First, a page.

Twin I-Beam? on a 1974 F-350 460 should I BUY?!
I fixed up my old broken computer and found the file I made when first learning about ford "TWIN I BEAMS". From re-reading the below information which was taken from all around the web, mostly from ford sites, I find myself with the prospect of wholly abandoning my quest for a '74 & older 2 wheel drive ford. (4x4 instead)
I have been told that twin I beams are "virtually indestructable" However nobody has said how they ride, esp. over time and when lowering or raising the vehicle. It seems that you would have your I beams bent 90 deg down in a right angle in order to raise a truck substantially:
__________twin I beam suspension____
Another one of Ford's "BETTER IDEAS"...You couldn't get twin I beam Ford truck to track straight if your life depended on it..I have always wondered now people drove the things..After overhauling the kingpins I would check at least the camber (which is unajustable except with a torch) and it would be pretty close..Setting the toe in negative helped some and making sure the rubber bushings were good..BUT!!! I never could keep a Ford truck "Between the guard rails "...I don't think they put much thought into the caster..(kingpin inclination)..For some reason I am building one now..For resale of course...Al..
Ford made the twin I-beam front end with the idea that it would never need to be aligned once set from the factory. Ford stopped making the twin I-beam because they could never get it into alignment. If you must change the front end, try looking into a front clip out of a newer truck. You can put upto a '91 front clip in a '73-91 GM as a direct bolt in, I'm not sure about Fords though. The other, cheaper, solution is to slow down... It will save you money on gas, tires, and engines.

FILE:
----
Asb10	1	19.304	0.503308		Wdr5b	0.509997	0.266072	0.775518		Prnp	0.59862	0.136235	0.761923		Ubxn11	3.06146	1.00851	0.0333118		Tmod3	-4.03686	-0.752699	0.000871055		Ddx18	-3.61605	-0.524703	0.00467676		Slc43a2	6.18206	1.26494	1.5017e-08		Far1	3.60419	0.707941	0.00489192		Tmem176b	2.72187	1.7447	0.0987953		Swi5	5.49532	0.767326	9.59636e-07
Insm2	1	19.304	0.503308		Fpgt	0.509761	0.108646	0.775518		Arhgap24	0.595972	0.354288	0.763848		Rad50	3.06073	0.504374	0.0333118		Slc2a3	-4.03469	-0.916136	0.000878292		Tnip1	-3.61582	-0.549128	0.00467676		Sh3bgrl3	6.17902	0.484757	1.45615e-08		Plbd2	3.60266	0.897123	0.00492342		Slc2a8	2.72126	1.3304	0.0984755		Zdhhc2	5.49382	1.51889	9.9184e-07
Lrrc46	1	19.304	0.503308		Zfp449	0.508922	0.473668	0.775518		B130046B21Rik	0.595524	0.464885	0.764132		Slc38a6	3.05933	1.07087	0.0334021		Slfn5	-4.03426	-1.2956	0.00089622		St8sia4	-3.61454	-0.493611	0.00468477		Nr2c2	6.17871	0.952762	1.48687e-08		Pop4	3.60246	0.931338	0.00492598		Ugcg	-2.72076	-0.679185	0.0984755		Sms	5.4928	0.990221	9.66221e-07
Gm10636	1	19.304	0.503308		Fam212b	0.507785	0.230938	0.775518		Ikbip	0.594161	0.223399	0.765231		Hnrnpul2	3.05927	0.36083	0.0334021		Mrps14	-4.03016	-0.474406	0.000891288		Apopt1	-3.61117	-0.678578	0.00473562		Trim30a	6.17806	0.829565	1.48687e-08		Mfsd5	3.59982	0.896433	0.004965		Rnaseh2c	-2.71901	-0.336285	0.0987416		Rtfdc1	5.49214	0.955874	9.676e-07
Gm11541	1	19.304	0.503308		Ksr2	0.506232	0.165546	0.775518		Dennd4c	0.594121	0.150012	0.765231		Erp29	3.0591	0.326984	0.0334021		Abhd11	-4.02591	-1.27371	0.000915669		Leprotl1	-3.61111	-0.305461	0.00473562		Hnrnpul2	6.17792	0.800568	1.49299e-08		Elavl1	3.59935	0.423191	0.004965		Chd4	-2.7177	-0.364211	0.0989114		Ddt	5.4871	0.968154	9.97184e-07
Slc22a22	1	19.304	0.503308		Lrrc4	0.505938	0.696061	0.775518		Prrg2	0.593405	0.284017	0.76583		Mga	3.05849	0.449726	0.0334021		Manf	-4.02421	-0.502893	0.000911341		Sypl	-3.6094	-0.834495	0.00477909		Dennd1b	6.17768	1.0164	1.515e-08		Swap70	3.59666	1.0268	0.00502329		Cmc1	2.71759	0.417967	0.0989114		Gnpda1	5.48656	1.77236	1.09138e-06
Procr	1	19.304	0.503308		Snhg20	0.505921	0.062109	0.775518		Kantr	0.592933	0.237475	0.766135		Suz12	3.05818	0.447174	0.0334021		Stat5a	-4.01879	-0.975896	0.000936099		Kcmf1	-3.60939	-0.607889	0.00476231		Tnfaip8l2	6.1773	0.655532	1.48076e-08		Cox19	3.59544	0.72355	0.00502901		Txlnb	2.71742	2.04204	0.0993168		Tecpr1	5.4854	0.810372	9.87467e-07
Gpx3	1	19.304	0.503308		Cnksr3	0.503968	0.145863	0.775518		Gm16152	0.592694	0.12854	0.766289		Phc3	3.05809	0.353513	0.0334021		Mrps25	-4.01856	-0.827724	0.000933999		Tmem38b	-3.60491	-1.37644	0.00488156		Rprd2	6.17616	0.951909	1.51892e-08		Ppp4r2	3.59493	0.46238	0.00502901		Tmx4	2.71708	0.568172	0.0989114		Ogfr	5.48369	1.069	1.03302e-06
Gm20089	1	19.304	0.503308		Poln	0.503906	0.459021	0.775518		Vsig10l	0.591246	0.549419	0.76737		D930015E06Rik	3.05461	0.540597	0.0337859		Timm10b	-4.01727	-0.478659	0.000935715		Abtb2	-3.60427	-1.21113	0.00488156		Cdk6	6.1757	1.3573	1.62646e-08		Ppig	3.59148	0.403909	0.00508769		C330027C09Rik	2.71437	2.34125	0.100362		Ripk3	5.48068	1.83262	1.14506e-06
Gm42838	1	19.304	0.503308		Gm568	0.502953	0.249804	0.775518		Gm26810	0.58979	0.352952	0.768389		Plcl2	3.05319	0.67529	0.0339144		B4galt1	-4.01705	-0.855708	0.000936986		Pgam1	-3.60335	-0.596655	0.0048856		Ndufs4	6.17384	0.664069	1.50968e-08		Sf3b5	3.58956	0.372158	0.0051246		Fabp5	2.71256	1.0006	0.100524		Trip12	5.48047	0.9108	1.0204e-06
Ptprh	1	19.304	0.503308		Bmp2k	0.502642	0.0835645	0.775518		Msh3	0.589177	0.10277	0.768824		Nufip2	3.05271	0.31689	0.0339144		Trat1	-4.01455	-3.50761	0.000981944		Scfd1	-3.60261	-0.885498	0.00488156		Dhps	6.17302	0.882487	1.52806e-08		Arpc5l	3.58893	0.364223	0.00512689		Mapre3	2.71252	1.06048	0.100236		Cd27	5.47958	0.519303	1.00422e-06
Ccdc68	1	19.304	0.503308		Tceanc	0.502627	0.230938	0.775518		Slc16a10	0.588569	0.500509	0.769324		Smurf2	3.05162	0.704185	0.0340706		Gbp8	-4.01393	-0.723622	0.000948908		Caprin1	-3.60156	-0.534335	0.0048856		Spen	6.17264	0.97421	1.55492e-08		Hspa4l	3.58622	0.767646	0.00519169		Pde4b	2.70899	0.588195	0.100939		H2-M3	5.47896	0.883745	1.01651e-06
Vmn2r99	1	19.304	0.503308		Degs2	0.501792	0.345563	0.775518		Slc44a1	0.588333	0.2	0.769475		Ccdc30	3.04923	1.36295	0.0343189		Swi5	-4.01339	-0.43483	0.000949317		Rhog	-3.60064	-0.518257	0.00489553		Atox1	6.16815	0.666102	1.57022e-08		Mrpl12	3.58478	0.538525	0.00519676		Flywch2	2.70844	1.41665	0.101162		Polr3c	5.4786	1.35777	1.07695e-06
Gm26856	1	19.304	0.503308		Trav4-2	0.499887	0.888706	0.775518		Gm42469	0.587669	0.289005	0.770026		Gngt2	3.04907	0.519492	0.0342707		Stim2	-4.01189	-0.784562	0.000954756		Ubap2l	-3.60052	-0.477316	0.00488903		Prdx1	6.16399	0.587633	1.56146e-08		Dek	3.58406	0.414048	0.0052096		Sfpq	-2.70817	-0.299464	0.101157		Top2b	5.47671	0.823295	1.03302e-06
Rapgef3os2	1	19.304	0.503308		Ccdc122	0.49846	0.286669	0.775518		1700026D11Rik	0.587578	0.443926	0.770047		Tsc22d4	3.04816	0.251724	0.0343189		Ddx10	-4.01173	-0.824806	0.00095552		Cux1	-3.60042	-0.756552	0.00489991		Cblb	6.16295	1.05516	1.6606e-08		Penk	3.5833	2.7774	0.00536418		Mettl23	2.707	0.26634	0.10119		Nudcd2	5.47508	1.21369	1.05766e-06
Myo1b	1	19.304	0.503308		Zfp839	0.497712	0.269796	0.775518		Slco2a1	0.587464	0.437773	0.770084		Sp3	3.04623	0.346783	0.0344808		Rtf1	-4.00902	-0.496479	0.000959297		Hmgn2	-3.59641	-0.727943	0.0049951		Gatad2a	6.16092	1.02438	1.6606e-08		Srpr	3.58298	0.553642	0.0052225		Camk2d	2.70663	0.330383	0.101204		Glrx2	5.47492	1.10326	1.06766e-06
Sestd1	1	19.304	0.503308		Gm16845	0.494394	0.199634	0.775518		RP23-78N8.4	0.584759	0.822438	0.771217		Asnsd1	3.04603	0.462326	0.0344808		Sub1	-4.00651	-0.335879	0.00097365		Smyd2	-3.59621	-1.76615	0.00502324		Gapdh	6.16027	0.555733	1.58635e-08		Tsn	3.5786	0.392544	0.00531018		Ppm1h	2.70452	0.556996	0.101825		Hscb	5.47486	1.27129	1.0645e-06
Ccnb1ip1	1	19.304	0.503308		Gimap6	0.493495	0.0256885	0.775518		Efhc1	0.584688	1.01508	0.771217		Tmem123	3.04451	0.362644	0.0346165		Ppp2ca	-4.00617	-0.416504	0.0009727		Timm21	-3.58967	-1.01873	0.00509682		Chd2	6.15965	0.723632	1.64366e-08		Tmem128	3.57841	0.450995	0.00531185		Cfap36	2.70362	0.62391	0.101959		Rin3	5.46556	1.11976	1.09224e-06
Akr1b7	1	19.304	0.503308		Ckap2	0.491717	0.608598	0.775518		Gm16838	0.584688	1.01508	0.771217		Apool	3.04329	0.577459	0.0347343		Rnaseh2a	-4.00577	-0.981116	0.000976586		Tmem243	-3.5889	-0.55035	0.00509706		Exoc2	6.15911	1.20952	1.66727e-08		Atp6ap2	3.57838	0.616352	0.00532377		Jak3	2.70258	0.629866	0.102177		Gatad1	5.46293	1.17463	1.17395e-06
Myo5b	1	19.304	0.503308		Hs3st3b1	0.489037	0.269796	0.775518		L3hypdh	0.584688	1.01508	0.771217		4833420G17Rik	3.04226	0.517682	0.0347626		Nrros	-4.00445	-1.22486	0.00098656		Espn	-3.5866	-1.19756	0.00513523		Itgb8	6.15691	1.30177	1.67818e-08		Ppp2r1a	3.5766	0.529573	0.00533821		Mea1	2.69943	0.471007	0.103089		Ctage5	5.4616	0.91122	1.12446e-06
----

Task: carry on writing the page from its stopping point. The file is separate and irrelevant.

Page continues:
. The redesigned 1997 trucks abandoned the twin I-beam front suspension in favor of the much easier to lower double A-arm setup.
As mentioned previously, lowering pre-'97 F-150s takes a bit of work. Ford's twin I-beam front suspension consists of two axle beams (like a traditional street rod I-beam axle cut in half) that pivot at opposite ends of the front crossmember. A coil spring is used on each I-beam. This system provides lots of suspension travel on stock two-wheel-drive and four-wheel-drive Ford pickups.
Suspension geometry problems arise when you're trying to lower I-beam Fords. Since the spindles don't pivot, lowering the truck via shorter coil springs pushes the top of the tires inward. This affects alignment and tire wear. Getting a top-notch alignment job is important when you're using shorter coil springs to drop a pre-'97 F-150 1 or 2 inches.
1997 Ford F-250 change completely new front suspension with upper and lower control arms. It replaces the ancient Twin I-Beam, With the new layout, ride is far better, handling is superior, steering feel is drastically improved and directional stability, such as when traveling at highway speeds in a severe crosswind (which we had an opportunity to experience), is immensely enhanced. We would expect that even tire wear, a Twin I-Beam weak point, would also be better.
Ford credits the 1965 introduction of its twin I-beam suspension as being a major factor behind the incredible success of the long-running F-series trucks. A truck that rides like a car and still works like a truck is how Ford ads touted the twin I-beam. It's true that Ford F-series trucks have smashed all sales records. In 1995, the F-series surpassed the Volkswagen Beetle as the world's bestselling vehicle nameplate. Ford's F-series trucks have been the bestselling vehicle in America for 16 consecutive years
please lay my fears to rest if you can do so? (or confirm the above?!)
<font size=-1>[ This Message was edited by: 67fastback on 2/6/04 10:50am ]</font>